Courts have also held that a brief trip to a state that recognizes common-law marriage is sufficient to establish a legal marriage, provided the parties satisfied the elements for a marriage while in the common-law state. See, e.g., In re Estate of Pecorino, 64 A.D.2d 711, 407 N.Y.S.2d 550 (1978) (3-day stay in Pennsylvania sufficient for common-law marriage where couple traveled to Pennsylvania with express purpose of entering common-law marriage); Old Republic Ins. Co. v. Christian, 389 F. Supp. 335, 338-89 (E.D. Tenn. 1975) (“The Court cannot conclude that cohabitation in a nondomicilliary state for a ten day period is an insufficient period of time to create a common[-]law marriage, under the circumstances of this case and assuming that the requirements for a common[-]marriage are otherwise met.”). The Second Circuit affirmed a common-law marriage, applying New York law, where the couple had eight one-night stays in the state of Pennsylvania, a common-law marriage state, even without “proof of words in the present tense establishing a marriage contract while in Pennsylvania,” a requirement under the state’s law. Renshaw v. Heckler, 787 F.2d 50, 52-53 (2d Cir. 1986). The court “held that, even in the absence of a ‘new contract in verba de praesenti’ in Pennsylvania, ‘the subsequent conduct of the parties was equivalent to a declaration by each that they did, and during their joint lives were to, occupy the relation of husband and wife.” Id. at 54 (quoting Sullivan v. American Bridge Co., 176 A. 24, 25 (Penn. 1935)); see also Metropolitan Life Ins. Co. v. Holding, 293 F. Supp. 854, 857-58 (E.D. Va. 1968) (recognizing common-law marriage legally contracted in Florida and Ohio, by brief trips to those states in 1961, where neither “Florida nor Ohio prescribes any minimum or maximum periods of residence as man and wife as a prerequisite to the creation of a common[-]law marriage”).
Courts finding no common-law marriage created during a brief sojourn have often based their decisions on the idea that individuals cannot circumvent the laws of their state of residence by visiting another state for the purpose of entering a common-law marriage. See, e.g., In re Mortenson’s Estate, 316 P.2d 1106, 1107 (Ariz. 1957) (“A marriage declared void by our statute cannot be purified or made valid by merely stepping across the state line for purpose of solemnization. We cannot permit the public policy of this state to be defeated by such tactics.”); See Metropolitan Life Ins. Co. v. Chase , 294 F.2d 500, 503 (3d Cir. 1961) (applying New Jersey law, finding “where the parties, while retaining their domicile in one state, pay a temporary visit to another state and there enter into a marriage which would not be recognized by the law of the state of their domicile if entered into therein, the latter state does not always look to the law of the place of the marriage to determine its validity”); Peirce v. Peirce, 379 Ill. 185, 191, 39 N.E.2d 990, 993 (1942) (“common law marriage is void in Illinois, even if performed in some other jurisdiction. The rule, however, is limited to the situation where the parties whose marriage is sought to be upheld in Illinois were, at the time of the marriage, domiciled in Illinois, although the marriage occurred in another State”). But see Lieblein v. Charles Chip’s, Inc., 32 A.D.2d 1016, 1016, 301 N.Y.S.2d 743, 745 (1969) (“It is well established that New York will recognize a common-law marriage entered into in a sister state that recognizes the validity of such marriages, even though it may have been entered into at a time when such marriage would have been invalid in New York.”).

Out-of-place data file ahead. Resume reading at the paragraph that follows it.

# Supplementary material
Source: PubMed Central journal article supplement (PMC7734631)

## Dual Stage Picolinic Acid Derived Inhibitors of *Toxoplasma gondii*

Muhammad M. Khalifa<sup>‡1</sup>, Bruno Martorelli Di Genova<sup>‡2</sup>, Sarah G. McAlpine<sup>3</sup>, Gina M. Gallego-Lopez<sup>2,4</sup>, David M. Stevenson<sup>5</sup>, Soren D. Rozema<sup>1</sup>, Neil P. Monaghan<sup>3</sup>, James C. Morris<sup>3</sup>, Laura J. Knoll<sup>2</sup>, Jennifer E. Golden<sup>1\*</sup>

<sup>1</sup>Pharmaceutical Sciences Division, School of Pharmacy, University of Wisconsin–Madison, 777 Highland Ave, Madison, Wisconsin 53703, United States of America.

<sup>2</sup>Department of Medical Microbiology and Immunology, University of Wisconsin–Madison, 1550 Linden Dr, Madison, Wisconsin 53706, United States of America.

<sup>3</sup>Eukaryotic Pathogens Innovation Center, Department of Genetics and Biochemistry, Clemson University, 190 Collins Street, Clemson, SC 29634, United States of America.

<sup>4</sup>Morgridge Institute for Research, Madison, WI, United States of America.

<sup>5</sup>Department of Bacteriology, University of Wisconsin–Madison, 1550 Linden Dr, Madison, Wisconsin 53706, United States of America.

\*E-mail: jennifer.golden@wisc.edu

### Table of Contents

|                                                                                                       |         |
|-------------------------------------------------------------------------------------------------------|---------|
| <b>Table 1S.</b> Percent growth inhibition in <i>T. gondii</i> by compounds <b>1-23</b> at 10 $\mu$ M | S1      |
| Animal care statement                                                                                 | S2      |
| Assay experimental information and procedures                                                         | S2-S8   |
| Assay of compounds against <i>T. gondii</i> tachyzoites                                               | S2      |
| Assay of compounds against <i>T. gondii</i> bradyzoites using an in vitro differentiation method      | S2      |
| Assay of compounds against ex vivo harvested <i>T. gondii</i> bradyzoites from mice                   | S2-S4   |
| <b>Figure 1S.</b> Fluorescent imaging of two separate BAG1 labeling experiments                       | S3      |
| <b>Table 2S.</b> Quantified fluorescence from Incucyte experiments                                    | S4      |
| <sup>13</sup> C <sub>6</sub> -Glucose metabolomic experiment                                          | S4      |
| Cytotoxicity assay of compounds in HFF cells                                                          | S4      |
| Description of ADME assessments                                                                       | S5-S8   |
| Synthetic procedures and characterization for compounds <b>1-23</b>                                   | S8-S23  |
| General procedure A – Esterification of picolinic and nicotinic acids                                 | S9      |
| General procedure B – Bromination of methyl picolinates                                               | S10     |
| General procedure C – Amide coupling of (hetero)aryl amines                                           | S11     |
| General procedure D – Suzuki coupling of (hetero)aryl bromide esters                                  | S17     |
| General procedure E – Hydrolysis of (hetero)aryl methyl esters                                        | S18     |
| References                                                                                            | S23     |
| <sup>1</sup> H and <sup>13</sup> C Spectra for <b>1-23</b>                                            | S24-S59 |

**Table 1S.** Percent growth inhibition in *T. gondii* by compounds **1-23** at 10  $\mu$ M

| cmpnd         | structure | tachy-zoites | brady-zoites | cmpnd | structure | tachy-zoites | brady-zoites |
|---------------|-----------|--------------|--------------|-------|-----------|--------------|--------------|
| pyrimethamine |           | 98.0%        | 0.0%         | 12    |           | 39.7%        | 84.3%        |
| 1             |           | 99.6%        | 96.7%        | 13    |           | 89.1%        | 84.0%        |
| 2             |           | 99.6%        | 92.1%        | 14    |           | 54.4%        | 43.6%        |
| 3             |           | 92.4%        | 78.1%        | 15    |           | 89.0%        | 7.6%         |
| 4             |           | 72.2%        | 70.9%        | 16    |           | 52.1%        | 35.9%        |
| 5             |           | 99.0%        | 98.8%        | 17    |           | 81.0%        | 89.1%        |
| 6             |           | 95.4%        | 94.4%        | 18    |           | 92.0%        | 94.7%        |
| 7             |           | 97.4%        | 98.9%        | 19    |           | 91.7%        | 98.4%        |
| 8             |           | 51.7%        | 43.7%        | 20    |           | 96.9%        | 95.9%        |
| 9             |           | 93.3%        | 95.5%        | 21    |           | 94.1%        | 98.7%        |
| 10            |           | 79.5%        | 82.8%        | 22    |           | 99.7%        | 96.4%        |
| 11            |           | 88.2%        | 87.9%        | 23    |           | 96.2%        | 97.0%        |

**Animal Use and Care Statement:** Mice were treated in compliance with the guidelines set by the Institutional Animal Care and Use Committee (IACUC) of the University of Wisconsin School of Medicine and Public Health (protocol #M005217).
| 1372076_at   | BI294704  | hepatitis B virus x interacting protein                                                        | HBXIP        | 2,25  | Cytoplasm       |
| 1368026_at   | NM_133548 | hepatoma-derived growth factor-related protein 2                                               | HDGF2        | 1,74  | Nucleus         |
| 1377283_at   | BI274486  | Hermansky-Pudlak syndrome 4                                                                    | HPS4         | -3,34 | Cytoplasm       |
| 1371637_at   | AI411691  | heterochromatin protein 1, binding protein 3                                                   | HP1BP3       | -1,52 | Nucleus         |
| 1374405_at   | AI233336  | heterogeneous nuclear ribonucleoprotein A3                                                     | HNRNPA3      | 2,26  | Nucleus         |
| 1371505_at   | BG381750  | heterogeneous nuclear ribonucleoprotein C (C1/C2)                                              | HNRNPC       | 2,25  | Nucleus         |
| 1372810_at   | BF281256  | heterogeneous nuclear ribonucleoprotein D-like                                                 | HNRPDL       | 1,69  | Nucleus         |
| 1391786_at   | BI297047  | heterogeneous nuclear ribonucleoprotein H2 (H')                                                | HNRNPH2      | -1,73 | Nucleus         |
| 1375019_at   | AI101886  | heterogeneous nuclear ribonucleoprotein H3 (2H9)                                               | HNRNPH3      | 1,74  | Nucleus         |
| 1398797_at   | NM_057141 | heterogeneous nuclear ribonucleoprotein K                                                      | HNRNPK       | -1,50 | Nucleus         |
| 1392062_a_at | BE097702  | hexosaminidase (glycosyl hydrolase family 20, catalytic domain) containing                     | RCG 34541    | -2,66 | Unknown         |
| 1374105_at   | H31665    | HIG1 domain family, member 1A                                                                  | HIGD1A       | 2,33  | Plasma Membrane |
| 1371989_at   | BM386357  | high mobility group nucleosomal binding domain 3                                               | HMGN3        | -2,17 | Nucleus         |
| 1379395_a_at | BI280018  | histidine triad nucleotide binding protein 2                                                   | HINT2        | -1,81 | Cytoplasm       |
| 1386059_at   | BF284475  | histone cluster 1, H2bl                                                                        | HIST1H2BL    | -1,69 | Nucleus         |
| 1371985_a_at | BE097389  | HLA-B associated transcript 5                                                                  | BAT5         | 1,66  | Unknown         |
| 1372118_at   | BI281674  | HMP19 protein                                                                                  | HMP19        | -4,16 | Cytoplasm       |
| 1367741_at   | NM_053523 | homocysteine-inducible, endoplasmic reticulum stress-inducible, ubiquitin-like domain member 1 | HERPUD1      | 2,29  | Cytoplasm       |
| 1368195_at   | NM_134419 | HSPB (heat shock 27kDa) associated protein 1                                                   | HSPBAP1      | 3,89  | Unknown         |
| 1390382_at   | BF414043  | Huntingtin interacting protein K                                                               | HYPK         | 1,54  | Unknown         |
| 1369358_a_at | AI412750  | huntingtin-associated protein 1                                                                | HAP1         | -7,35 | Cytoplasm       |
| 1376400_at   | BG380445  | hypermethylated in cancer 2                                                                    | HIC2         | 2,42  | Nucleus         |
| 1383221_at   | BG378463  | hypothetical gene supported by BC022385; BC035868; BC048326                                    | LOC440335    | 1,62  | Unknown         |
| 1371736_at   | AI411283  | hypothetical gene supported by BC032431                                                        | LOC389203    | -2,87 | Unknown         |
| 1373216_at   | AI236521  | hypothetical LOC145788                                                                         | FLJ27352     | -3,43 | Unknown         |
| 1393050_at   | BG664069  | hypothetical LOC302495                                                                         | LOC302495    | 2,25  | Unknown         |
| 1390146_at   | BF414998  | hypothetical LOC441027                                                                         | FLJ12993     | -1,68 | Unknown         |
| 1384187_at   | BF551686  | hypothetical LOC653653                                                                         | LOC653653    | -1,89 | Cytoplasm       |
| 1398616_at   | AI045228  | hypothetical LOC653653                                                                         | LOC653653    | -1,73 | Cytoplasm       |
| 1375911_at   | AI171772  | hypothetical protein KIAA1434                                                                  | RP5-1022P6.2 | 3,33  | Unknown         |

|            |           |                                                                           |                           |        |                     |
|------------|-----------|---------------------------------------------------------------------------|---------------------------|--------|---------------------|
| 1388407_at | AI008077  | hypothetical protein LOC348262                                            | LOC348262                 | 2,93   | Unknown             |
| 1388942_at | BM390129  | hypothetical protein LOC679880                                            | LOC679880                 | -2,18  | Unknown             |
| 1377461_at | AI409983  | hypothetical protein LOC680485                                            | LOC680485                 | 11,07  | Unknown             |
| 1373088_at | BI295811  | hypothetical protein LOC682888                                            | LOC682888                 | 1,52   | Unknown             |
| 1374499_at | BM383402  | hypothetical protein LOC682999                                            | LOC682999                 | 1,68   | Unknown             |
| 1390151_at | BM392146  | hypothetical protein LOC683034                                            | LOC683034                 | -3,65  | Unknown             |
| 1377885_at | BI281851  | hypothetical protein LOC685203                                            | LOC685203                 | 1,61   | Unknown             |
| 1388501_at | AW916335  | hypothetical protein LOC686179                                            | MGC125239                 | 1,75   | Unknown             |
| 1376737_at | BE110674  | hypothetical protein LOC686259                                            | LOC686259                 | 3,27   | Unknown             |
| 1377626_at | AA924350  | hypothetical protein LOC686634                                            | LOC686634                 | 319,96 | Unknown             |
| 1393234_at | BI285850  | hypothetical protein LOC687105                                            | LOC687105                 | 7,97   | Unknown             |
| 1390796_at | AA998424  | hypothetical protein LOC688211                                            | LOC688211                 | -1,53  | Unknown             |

That is not the case here. The claimant and the NH were not residents of Massachusetts at the time of the alleged common-law marriage. Thus, they did not violate Mass. Gen. Laws Ann. ch. 207, § 10. The facts here are similar to those in Boltz, where a couple who resided in New York later moved to Massachusetts and asked the Commonwealth to recognize a common-law marriage formed in New York. 92 N.E.2d at 366-67. The Supreme Judicial Court concluded that the couple had not violated the State’s own laws, because “no evidence that the petitioner resided in this Commonwealth in December, 1918, or went into another jurisdiction for the purpose of contracting a marriage which would have been void if contracted here.” Id. Notably, in Boltz, the Court held that the couple’s New York common-law marriage was created in as few as four days (between December 13, 1918 and December 17, 1918). Id.
In other cases, OGC has opined that no common-law marriage would be recognized after a sojourn because one of the necessary elements was not satisfied. See, e.g., SSA OGC Opinion re: M. Bollett, Region IX (Jan. 28, 1986) (Hawaiian couple who alleged common-law marriage based on periodic sojourns in Pennsylvania not deemed married under common law because they failed to satisfy the intent pre-requisite—there was no evidence that the couple had any idea of entering into a common law marriage when they went to Pennsylvania); SSA OGC Opinion re: Common-Law Marriage -- Sojourn Doctrine -- Herbert O. Gustafson, Region IIX (Feb. 1, 1982) (a Wyoming couple alleged common-law marriage based on trips to Colorado not deemed married because “There is no evidence that any of such trips to Colorado were made for the purpose of changing their domicile or residence to that jurisdiction or contracting a common-law marriage while they were in that State, or that while there any agreement was ever made by them to become husband and wife, or that they ever thought that such was necessary to give their marriage any validity.”); SSA OGC Opinion re: Common-Law Marriage--Sojourn Doctrine-Supplement, Region IIX (May 12, 1981) (“We are unwilling to hold that a man and woman who travel from [Colorado] into a State that recognizes common-law marriages and cohabit for a few days are thereby deemed, in the eyes of the law, to be man and wife, unless there is shown a clear intent to enter into that status.”). We do not believe that reasoning would apply here because the claimant expressly intended to form a common-law marriage in Kansas, where his parents reportedly married.
Although there is some uncertainty in the law, we believe a Massachusetts court would recognize as valid the couple’s alleged common-law marriage if the claimant produces more evidence to support his claim. Specifically, the agency should request additional evidence to show a present agreement to be married in Kansas and evidence that the couple held themselves out as a married couple during their stay in the state. Since both the husband and wife are alive, the preferred evidence of a common-law marriage would be their signed statements and those of two blood relatives. 20 C.F.R. § 404.726(a). If the claimant and the insured can provide such evidence, we believe there would be sufficient proof of a valid common-law marriage in Kansas, such that a Massachusetts court would recognize the marriage and the claimant would be entitled to spousal benefits under the Act.